Tom Scalea, chair of the research panel, spoke next. He observed that the two issues that repeatedly emerged in all four sessions were money and workforce challenges. Among the four panel topics, he said emergency care research is probably the area where the least progress has been made in the past 3 years. He summarized the three major points of the research panel discussion. First, the field needs a team of investigators who can be funded and sustained through their entire career (much of the research conducted now, he said, is done on the backs of faculty practice plans). Second, research questions that cross traditional academic boundaries need to be defined, and people need to cooperate in order to be able to execute research plans. The corollary to this, he said, is identifying a way to fund that research. Little clinical research on trauma care is funded, he noted, other than perhaps by the Department of Defense. Finally, people need to grapple with regulatory issues that hinder emergency care research.

Jon Krohmer, chair of the workforce panel, spoke third. He said the top take-home message from his panel was how pessimistic the discussion had been. The overall theme was that there are critical issues at the physician level, not just among the emergency physicians and trauma surgeons, but also the on-call specialists, critical care specialists, and other disciplines that are needed to support the emergency care system. The emergency nursing workforce also has significant challenges, particularly in recruiting and retaining sufficient numbers of nurses to care for patients appropriately. In addition, there are ongoing concerns with EMS personnel, particularly in terms of how they should fit into the broader emergency care system. Overall, he said, the system today is very stressed.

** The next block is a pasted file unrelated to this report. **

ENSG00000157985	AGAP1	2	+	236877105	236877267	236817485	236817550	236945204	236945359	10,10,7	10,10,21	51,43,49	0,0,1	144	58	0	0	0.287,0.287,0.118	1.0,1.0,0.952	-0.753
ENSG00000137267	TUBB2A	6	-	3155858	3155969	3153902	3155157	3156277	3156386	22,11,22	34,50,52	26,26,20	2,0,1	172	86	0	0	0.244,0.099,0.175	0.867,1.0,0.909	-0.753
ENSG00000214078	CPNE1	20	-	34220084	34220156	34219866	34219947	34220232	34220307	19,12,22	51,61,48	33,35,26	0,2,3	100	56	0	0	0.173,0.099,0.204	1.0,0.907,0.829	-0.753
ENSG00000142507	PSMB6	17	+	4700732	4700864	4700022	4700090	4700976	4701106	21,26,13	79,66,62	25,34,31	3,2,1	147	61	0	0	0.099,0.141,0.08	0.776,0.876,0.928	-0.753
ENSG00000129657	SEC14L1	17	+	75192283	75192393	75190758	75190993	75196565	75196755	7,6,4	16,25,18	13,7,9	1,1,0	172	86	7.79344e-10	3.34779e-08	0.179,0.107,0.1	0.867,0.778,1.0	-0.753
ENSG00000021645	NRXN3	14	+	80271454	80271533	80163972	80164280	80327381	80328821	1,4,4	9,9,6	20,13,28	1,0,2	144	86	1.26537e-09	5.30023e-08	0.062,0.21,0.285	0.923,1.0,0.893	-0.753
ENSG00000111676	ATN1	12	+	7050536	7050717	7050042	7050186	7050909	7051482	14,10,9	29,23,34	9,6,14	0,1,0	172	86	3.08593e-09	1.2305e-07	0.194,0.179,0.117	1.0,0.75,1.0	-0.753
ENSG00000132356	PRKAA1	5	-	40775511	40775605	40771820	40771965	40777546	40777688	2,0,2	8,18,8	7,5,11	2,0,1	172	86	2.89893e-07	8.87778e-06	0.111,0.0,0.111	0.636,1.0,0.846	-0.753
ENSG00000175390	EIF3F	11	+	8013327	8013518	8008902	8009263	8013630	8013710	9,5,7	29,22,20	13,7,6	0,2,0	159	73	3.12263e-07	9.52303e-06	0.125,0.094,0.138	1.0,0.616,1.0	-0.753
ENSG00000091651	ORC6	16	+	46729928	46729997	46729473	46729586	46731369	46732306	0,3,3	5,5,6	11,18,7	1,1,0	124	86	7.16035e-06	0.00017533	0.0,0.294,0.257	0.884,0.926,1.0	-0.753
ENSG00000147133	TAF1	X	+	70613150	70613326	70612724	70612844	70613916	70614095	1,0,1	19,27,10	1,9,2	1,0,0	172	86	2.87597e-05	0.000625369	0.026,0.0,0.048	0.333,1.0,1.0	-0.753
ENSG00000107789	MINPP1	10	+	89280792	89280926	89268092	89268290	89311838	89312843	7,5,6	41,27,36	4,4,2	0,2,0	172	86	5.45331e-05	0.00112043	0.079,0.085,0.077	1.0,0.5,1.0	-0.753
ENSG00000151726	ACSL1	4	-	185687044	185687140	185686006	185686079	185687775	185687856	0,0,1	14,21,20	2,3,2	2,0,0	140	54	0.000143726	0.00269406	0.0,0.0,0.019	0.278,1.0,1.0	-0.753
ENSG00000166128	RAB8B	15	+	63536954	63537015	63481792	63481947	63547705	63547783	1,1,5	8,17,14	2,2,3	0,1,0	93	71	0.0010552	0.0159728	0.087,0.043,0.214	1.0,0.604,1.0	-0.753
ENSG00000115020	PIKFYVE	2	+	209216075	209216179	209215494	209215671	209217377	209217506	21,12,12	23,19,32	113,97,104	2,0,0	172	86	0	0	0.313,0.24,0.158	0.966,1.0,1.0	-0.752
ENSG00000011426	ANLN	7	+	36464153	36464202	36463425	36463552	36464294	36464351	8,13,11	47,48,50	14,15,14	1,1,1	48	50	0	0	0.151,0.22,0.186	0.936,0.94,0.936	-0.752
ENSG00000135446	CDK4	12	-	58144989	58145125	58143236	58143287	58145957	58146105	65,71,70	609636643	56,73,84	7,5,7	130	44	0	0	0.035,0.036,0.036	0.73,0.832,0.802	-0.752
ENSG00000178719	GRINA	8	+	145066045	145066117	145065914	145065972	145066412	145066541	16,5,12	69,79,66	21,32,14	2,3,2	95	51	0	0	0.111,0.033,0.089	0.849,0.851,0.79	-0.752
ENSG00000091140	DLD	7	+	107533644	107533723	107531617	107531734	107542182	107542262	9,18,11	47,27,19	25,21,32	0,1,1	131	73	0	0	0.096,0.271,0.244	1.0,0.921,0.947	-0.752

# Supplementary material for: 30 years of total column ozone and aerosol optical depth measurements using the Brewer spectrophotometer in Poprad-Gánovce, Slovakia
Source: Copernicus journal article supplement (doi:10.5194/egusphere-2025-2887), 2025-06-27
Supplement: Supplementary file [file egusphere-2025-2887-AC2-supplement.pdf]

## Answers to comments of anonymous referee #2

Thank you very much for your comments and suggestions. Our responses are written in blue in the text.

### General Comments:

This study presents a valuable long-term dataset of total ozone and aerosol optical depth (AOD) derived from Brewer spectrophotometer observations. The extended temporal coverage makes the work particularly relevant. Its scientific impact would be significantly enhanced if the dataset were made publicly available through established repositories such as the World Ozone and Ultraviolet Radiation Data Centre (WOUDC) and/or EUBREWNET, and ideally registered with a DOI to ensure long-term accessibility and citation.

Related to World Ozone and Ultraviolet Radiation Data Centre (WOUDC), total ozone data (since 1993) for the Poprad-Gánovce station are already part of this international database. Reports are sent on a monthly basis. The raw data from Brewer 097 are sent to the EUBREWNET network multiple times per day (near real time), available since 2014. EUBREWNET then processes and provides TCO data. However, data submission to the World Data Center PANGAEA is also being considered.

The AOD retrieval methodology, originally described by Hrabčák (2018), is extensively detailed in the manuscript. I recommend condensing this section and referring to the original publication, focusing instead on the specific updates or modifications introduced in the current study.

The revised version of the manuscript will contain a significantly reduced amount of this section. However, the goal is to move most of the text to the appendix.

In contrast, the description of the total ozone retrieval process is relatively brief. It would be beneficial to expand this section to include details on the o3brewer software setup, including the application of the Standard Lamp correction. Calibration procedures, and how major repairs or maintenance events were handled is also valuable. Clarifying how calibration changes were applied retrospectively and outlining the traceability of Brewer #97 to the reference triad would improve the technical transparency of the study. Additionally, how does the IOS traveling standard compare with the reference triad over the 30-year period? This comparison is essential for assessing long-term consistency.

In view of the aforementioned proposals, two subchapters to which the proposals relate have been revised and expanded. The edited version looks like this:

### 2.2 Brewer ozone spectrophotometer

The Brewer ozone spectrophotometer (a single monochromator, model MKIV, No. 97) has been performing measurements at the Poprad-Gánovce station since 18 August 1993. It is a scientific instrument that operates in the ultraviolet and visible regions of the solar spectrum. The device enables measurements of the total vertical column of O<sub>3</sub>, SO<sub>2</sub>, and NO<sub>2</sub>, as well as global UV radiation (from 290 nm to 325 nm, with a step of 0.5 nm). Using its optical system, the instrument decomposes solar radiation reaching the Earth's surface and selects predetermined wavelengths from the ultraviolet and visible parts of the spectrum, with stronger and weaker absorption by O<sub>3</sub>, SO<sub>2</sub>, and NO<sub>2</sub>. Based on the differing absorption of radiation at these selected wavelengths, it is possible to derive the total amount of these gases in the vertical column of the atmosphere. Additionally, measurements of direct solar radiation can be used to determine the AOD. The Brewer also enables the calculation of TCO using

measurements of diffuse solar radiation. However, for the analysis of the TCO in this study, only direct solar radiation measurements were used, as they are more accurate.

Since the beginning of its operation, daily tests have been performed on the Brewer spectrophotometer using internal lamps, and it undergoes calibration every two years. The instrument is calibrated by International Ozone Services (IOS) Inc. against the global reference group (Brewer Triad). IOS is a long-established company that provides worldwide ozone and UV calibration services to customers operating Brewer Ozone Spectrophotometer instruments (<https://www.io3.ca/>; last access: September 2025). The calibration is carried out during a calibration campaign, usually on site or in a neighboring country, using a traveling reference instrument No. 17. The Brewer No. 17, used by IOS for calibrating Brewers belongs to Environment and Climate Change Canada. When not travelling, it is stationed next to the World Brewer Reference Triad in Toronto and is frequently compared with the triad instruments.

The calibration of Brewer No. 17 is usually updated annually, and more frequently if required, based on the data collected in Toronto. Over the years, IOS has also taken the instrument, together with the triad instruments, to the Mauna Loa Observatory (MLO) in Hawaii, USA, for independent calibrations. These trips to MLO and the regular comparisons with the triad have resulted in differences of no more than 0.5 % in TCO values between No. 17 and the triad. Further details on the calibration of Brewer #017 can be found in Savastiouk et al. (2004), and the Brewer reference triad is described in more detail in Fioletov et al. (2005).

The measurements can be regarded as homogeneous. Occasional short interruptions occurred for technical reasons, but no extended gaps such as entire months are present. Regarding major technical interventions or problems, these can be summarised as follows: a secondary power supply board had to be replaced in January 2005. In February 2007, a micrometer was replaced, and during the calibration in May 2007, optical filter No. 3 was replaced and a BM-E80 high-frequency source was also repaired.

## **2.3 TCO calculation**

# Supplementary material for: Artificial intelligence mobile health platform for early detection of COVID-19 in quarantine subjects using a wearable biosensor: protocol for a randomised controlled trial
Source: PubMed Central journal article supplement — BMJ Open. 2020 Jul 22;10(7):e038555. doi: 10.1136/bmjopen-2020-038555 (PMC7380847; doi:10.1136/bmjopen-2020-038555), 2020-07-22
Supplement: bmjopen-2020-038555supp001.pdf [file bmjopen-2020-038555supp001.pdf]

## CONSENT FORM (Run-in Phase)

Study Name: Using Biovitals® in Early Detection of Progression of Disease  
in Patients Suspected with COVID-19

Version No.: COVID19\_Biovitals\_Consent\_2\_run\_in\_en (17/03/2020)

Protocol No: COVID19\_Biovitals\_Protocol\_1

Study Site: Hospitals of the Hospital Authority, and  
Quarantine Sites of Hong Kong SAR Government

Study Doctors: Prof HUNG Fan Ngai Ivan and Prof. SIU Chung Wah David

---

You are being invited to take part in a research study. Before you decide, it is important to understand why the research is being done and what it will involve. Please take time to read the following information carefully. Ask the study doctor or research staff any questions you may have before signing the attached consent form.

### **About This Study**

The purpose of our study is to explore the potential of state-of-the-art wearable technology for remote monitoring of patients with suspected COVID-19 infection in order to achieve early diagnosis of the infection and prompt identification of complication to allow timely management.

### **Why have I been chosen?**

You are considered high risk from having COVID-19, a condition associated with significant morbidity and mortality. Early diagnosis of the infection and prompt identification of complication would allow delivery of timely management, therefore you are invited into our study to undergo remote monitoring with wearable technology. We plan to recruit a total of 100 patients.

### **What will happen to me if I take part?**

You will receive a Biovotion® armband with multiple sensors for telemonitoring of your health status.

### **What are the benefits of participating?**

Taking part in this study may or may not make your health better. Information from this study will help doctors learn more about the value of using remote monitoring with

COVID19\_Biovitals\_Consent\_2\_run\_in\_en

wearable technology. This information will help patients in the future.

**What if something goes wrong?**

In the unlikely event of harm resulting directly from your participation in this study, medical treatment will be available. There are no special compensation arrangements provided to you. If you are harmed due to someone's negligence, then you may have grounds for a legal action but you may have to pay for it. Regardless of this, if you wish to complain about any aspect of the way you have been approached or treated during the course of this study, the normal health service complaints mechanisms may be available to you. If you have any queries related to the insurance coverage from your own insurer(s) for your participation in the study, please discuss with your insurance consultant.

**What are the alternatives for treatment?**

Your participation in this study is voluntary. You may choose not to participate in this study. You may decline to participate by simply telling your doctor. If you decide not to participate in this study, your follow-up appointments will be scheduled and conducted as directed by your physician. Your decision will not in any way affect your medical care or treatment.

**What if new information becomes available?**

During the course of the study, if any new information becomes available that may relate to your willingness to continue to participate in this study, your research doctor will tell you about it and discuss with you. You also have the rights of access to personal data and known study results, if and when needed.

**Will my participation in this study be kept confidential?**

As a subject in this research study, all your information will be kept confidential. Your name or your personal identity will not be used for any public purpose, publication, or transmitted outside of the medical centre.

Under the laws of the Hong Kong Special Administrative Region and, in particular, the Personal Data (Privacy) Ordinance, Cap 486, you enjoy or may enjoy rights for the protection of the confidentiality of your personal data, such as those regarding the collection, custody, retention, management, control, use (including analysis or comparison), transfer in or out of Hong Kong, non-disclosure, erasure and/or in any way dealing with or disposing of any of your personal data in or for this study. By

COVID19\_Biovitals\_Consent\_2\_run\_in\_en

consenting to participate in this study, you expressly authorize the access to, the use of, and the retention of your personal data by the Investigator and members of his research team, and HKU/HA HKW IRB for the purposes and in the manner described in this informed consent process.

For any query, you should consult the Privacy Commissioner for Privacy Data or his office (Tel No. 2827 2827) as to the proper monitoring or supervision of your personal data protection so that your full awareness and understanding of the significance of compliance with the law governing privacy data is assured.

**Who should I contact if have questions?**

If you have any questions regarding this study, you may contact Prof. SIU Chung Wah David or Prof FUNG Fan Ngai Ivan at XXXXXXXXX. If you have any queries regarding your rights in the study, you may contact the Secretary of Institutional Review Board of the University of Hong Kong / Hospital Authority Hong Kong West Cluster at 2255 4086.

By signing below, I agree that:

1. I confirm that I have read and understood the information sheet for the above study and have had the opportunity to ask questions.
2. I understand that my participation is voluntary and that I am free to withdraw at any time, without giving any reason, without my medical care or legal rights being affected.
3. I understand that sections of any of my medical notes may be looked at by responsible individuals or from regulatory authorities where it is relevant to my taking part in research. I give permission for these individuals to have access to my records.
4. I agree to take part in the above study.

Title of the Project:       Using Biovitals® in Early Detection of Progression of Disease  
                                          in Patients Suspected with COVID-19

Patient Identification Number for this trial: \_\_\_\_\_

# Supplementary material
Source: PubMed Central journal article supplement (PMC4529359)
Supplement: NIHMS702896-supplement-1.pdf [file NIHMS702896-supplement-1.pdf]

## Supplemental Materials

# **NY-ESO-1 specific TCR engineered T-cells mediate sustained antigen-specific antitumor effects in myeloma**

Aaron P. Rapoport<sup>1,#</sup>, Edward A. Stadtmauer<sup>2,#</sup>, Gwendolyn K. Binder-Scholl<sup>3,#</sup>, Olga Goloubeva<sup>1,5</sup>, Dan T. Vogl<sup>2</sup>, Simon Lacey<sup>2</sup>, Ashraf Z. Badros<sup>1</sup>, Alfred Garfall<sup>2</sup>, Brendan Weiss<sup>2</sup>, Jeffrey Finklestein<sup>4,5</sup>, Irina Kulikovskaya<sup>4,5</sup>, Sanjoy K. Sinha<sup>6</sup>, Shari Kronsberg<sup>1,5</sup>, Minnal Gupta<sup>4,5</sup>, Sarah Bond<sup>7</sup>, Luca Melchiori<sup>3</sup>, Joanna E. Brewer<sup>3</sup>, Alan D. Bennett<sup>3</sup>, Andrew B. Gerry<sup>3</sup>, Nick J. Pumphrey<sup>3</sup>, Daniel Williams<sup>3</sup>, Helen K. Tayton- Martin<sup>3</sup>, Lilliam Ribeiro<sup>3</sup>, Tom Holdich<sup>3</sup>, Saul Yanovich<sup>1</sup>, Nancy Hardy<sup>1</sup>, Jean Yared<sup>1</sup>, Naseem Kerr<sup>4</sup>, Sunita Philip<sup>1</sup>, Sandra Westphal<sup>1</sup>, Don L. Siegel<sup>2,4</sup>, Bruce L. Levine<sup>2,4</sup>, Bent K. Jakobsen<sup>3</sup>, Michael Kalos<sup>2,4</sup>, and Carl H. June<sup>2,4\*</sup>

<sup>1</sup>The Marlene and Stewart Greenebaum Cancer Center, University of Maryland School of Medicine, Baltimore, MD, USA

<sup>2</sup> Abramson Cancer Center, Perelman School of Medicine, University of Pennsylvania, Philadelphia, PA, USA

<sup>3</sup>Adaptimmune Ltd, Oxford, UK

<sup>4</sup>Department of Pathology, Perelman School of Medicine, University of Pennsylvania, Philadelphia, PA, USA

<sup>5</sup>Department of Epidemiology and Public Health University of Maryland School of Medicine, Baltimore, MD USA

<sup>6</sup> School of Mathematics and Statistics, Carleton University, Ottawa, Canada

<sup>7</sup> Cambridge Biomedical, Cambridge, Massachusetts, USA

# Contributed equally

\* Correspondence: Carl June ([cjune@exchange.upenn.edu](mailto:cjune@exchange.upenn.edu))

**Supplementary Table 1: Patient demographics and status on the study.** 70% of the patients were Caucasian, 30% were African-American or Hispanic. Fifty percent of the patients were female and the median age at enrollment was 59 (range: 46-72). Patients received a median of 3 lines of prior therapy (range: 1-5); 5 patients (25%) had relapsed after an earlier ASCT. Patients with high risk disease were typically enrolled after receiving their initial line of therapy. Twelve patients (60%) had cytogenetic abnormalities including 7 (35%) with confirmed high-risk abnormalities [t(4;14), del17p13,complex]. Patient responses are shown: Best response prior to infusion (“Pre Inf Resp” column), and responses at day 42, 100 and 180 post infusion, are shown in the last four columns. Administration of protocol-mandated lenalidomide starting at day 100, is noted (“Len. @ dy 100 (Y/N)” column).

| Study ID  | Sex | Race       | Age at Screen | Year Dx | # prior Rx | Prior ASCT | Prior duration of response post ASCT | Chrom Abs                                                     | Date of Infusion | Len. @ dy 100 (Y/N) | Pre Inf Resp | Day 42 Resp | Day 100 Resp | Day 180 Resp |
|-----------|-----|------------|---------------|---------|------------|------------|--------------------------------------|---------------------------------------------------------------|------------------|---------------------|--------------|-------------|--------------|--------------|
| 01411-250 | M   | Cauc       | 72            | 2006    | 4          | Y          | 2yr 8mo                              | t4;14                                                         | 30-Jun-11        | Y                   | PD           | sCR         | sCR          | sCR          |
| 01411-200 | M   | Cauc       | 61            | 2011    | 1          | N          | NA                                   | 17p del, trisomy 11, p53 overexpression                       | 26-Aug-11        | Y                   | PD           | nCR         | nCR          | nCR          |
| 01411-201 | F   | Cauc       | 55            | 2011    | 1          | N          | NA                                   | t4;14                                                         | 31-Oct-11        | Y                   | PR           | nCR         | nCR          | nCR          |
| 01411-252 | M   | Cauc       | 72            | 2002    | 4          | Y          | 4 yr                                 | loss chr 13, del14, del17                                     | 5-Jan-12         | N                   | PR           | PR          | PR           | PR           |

Krohmer noted that his panel had discussed alternative models of care that involve mid-level providers, physician assistants, and nurse practitioners. However, he said that right now health profession students are not offered enough education in emergency health care. This problem needs to be addressed. Certification or some other type of recognition should be established, he said.

Guy Clifton, chair of the fourth and final panel discussion oneconomics, said the combination of underpayment of public programs and growing numbers of the uninsured has produced a chronically underfunded system. He recalled trauma surgeon William Schwab’s statement that in Pennsylvania, the percentage of patients on which trauma hospitals lose money varies between 20 percent and 65 percent. Some hospitals are “operating on air.”

Clifton said his panel’s discussion highlighted longstanding distortions in the Medicare Resource-Based Relative Value Scale (RBRVS) system. This discussion raised interesting questions regarding where the money would come from to rebalance the system. In a zero-sum situation, would transfer payments have to come from other specialties such as neurosurgery and



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